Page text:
attention to Van Gogh’s Shoes (1886) as an example of something seemingly ordinary that is far from mundane. A simple pair of old boots doesn't immediately come to mind as an ideal subject for a struggling artist. Bought at a flea market, the artist walked in the boots through mud to give them a deliberately worn look. Van Gogh deliberately sought to draw out their heavy usage and strenuous history. As Glaspey notes, they tell of “a story of hard work, a life lived in communion with the earth, of some pain and suffering”. The artist has elevated both the boots and the agricultural labour of their previous owner to a place worthy to be properly looked at and seen. To paint and to look properly at such a seemingly mundane pair of shoes is to acknowledge the sacredness of everyday objects.


The author and psychologist Jordan Peterson has spoken about an artist friend who travels the world but exclusively paints his own two feet on the ground. What seems like a great squandering of opportunity can in fact teach an important lesson. As Peterson states, “What [the artist] is telling you is that everything is worth paying attention to an infinite amount but you don't have enough time. The artist does it for you. The artist looks and looks and looks and then gives you that vision. It reminds you that everything there is, is right where you are.” This reminded me of the art historian David Joselit’s elegant description of paintings as ‘time batteries’ that hold deep reservoirs of experience and information. Not only do they store this gradually accumulated visual information, but they also give it out to the viewer over time. When you look at The Tree you begin to notice more than you ever would have if you were to pass the same plant in a park. The fact that the artist has spent such a great deal of time examining the trunk encourages you to do the same. To look properly at these paintings is to tap into that reservoir of deep looking and benefit from the artist’s devotion to their subject.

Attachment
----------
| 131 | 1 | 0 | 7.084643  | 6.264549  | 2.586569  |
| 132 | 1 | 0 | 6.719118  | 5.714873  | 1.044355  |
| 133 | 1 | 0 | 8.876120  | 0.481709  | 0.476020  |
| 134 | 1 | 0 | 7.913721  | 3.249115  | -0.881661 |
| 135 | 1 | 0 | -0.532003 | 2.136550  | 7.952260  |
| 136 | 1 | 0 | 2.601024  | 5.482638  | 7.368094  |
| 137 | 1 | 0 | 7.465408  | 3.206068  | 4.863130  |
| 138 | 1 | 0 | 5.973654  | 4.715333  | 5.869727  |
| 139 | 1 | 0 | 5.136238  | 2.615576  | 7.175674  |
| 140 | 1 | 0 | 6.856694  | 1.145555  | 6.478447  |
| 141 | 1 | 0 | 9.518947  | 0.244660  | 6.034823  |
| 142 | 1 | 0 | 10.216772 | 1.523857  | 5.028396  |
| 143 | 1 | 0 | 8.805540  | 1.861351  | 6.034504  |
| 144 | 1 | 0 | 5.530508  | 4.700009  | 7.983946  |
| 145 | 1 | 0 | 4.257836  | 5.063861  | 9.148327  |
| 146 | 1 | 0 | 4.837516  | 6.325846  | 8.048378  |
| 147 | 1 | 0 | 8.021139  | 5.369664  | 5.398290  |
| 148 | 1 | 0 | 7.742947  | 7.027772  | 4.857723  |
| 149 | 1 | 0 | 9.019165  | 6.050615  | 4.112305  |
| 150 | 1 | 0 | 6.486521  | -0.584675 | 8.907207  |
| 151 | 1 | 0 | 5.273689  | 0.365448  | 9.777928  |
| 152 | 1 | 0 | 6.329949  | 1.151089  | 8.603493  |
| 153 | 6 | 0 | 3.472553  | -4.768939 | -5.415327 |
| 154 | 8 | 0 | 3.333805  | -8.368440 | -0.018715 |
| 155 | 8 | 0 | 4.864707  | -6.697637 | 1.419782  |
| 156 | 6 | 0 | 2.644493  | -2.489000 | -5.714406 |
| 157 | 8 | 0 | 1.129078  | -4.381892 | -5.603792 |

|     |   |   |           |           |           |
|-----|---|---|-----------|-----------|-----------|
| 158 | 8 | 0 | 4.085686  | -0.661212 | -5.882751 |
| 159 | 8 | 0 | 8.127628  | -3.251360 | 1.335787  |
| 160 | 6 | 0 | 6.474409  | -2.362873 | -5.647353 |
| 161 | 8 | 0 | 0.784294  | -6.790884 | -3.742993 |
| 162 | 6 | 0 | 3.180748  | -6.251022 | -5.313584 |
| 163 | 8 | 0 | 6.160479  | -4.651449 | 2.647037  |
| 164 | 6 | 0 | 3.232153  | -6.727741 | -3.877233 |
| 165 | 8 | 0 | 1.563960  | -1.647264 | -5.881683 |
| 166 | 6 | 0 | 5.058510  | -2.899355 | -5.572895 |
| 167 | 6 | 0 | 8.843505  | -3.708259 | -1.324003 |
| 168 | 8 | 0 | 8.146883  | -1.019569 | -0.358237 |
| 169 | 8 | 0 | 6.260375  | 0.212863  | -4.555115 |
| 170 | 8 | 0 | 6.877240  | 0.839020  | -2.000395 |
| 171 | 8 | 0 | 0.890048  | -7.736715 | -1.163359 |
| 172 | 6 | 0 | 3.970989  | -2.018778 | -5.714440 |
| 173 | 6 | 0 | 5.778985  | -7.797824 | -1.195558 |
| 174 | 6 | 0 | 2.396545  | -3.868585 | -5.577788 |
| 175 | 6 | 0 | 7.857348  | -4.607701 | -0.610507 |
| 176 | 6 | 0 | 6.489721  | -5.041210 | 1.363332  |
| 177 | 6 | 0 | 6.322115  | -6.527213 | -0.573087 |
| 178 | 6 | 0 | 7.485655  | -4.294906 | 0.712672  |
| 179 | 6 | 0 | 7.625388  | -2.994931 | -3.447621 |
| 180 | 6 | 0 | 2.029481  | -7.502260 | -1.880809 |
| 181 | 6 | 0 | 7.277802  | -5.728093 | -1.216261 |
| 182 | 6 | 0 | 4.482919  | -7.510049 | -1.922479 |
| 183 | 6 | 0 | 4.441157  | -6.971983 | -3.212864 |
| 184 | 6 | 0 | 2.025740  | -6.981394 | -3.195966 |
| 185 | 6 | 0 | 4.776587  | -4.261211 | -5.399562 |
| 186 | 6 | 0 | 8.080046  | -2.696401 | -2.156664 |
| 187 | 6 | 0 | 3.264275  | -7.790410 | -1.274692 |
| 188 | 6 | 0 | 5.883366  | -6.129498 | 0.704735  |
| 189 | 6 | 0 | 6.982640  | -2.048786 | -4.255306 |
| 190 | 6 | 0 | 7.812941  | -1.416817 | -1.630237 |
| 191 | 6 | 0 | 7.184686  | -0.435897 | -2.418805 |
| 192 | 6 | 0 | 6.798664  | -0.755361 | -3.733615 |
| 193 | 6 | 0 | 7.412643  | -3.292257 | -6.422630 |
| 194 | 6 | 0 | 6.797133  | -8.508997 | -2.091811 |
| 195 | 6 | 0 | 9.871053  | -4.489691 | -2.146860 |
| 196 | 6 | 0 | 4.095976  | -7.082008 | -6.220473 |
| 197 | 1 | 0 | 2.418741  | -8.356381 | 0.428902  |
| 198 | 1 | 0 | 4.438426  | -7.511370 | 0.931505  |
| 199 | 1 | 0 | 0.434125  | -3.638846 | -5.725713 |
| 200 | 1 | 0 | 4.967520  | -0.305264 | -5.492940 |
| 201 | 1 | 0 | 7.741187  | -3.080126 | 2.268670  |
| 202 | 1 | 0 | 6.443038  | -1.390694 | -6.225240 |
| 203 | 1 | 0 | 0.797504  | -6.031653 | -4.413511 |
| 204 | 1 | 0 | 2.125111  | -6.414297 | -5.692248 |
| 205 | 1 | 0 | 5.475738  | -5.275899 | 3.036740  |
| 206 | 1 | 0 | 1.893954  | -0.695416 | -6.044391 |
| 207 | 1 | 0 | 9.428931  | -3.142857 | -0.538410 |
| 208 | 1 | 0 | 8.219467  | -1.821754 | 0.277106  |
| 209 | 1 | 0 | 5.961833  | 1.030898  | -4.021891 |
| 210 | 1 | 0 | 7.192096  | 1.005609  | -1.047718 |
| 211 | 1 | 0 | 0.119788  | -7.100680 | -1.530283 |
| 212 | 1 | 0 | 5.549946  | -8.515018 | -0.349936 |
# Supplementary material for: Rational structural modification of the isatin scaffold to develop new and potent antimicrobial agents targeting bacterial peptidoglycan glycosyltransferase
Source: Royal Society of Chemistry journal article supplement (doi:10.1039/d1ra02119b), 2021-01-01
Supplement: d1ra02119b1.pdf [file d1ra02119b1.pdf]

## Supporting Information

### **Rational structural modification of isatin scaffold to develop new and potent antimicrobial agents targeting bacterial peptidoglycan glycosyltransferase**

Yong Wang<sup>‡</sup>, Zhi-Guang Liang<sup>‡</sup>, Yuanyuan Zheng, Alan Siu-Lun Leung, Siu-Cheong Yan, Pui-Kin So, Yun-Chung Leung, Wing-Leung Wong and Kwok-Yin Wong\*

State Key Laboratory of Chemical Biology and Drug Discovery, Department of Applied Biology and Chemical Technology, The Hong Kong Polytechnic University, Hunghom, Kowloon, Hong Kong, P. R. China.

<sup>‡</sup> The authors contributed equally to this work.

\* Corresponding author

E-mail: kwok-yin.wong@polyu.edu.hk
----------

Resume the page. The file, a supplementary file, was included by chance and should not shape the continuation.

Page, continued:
I'll finish with Caravaggio’s masterful Still Life with Fruit (c. 1610). It's a gorgeous painting. The Italian artist has depicted shallots which glisten seductively in the light and ripe pomegranate and melons, sliced open to reveal their intricate seed structure. The warm reds and oranges of the apples and peaches shift softly to the earthy greens and yellows of the twisted marrows. The

mottled patina of the pumpkins are echoed in Altfest’s own Green Gourd (2007), an intense study that relishes in the unique colours and patterns of a closely cropped gourd. An artist who painted powerful and dramatic religious works, there is something of the sacred in the respect Caravaggio affords to his fruits. They glow and shine in the soft light that comes at a particular angle from above, casting vivid shadows. Indeed, I would argue that they convey a childlike sense of wonder in the natural world. They help us to re-examine seemingly ordinary produce; and is this not the job of the artist, to reframe how we look at things? Far from naïve, this wonder seems to be the right way to respond to and marvel at creation, as well as an antidote to pervasive and cynical indifference.


I could stand in front of the Caravaggio or any Altfest painting for a long time. Still, three hours might be a bit much.